LANSING —The global economy continues to change and expand creating more opportunities for Michigan’s food and agriculture products. Michigan’s agricultural diversity — more than 200 commodities — and the associated processing, puts us in a strong position to take advantage of these global opportunities.
Countries, such as China, have a growing middle class; and with that growth comes a hunger for new products like dried cherries, blueberries, cheese, and so much more. The growing middle class combined with the opening of the Michigan Center Office in Shanghai makes this a great time for Michigan’s food and agriculture companies to consider testing the waters in trade and export.
Currently, Michigan exports almost one-third of the crops grown here, with the top five agricultural exports being soybeans, feed grains, vegetables, fruits, and dairy products. The top five countries eager for Michigan-grown products are Canada, Mexico, Japan, Korea, and China.
While the prospect of exporting can seem daunting, there are countless reasons why Michigan’s food and agriculture companies should consider it. First and foremost is that about 95 percent of the world’s consumers live outside of the United States. So if a company is only selling in the domestic market, it’s only reaching a small share of the potential customer base — the growth opportunities may lie in another country. Demographers predict the world’s population will reach 9.1 billion by 2050. That’s 34 percent more people to feed. Because of our diversity and production capacity, Michigan can certainly play a role in meeting those needs.
To remain competitive and expand business operations, I would encourage our food and agriculture businesses to take a look at their export potential. Through exporting, companies can reduce dependence on existing domestic markets, offset slow sales due to economic changes, consumer demands, and seasonal fluctuations.
If companies are interested in beginning to export, but they are nervous or just don’t know where to start, the Michigan Department of Agriculture and Rural Development’s (MDARD) International Marketing Program can help. Our goal is to assist Michigan’s food, agriculture and land-based industries to expand their customer base and open new business opportunities.
According to USDA’s Economic Research Service, there were 17,000 agricultural export-related jobs in Michigan in 2011. Michigan food and agriculture exports generated $2.33 billion in economic activity in 2011 — a good first step as we aim to increase agricultural exports to $3.5 billion by 2015. These figures are proof positive that food and agriculture exports are helping grow the state’s second largest economic sector and giving Michigan a stronger foothold in the global marketplace.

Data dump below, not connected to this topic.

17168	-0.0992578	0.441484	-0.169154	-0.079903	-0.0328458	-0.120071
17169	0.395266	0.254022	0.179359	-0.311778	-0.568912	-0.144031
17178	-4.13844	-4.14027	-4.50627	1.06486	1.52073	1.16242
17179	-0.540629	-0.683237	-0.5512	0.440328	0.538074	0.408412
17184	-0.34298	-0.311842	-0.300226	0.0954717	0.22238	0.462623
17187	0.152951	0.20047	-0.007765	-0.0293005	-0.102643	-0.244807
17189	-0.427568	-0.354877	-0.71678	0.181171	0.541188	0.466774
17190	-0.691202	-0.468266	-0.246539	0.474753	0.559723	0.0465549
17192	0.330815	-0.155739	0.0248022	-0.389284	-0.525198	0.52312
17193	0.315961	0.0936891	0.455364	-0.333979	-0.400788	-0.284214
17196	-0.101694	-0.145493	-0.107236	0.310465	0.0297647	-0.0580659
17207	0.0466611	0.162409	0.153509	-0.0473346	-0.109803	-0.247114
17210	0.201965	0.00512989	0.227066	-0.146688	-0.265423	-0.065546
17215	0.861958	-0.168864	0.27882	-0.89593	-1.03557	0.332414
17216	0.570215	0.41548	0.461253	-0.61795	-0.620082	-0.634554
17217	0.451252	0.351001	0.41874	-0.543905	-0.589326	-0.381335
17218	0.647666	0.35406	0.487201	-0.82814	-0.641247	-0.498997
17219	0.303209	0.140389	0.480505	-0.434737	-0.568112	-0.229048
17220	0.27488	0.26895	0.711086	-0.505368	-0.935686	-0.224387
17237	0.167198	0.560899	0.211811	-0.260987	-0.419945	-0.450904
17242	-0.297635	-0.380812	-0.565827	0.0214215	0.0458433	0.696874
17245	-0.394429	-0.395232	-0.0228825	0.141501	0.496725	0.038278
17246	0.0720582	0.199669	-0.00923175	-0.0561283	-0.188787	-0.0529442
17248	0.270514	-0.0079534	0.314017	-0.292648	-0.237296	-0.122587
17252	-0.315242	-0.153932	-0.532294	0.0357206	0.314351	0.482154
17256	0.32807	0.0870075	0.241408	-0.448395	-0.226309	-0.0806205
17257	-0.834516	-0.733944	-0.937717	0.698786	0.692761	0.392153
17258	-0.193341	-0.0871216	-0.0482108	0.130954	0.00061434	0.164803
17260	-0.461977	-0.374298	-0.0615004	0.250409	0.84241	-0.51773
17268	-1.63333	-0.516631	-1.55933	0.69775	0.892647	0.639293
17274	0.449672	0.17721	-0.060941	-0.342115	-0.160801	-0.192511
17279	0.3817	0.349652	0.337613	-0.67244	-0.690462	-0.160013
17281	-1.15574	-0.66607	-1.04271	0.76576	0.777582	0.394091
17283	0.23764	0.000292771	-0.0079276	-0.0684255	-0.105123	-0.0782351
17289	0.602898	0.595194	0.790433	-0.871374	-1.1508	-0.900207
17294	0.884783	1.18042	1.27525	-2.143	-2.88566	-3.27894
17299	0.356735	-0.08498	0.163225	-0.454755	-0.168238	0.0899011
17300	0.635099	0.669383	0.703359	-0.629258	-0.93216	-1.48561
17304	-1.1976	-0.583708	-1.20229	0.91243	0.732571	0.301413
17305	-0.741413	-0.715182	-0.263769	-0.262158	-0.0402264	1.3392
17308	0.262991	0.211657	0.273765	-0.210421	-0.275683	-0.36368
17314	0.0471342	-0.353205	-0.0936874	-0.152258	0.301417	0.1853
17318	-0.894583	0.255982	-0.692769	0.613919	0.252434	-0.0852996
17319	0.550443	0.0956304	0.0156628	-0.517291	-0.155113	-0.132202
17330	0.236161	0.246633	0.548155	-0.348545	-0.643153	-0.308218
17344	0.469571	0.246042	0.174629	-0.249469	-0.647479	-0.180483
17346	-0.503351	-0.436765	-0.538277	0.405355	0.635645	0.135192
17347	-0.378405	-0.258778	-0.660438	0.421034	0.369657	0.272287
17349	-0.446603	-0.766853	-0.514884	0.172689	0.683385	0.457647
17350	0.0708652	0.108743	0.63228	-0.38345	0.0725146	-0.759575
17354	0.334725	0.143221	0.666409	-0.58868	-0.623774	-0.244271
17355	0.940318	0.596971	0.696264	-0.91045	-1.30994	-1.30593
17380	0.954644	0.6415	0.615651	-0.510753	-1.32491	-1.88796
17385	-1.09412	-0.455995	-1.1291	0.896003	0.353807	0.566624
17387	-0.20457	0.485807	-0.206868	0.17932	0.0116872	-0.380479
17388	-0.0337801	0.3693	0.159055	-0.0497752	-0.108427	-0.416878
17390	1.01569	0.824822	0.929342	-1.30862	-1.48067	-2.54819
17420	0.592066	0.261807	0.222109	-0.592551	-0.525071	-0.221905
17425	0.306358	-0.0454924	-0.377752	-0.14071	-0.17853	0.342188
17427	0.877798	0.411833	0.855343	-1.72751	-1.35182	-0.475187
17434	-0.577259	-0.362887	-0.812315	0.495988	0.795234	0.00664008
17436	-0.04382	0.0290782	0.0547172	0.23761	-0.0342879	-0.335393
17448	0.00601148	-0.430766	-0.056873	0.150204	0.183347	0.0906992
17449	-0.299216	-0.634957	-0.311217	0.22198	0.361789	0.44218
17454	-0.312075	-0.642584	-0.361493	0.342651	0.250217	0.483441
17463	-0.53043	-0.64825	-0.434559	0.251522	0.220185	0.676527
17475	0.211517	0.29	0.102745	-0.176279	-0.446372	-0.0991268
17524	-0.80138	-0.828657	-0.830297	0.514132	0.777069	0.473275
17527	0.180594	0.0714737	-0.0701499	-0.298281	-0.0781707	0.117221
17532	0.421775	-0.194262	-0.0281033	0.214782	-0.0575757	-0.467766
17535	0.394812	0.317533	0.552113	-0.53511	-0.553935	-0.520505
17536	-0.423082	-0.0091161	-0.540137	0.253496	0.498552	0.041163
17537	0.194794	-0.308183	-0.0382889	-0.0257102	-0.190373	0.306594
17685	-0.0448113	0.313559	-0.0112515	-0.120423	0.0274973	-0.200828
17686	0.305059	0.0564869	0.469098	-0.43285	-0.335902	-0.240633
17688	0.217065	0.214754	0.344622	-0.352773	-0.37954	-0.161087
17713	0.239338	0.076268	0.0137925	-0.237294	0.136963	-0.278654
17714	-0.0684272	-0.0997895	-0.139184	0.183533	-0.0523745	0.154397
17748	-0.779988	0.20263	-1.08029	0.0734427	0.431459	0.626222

The department assists Michigan producers and processors in the development of trade opportunities for new markets or expanding their existing markets. The Michigan agriculture staff organizes and implements activities such as export seminars, buyers missions, trade missions, and Michigan Pavilions at selected domestic and international trade shows to showcase Michigan-based companies in the global economy.
Additionally, through the work of our Pesticide and Plant Pest Management (PPPM) Division, MDARD helps facilitate the export of nursery stock, fruits, vegetables, grains, logs, lumber, and other plants and plant products. PPPM inspects these commodities and certifies they are free of plant pests that could adversely affect the agriculture and environment of the importing country. In doing so, PPPM plays a crucial role in expediting international trade by our producers and shippers, promoting the reputation of Michigan products with importers, and building trusting relationships with the governments of those countries.
Additional assistance is provided through consulting services to food and agriculture firms such as market research, trade leads, advice on export pricing, order processing, determining required documentation, international market development policy issues, and identifying and overcoming barriers to market access.
Adams is director of the Michigan Department of Agriculture & Rural Development.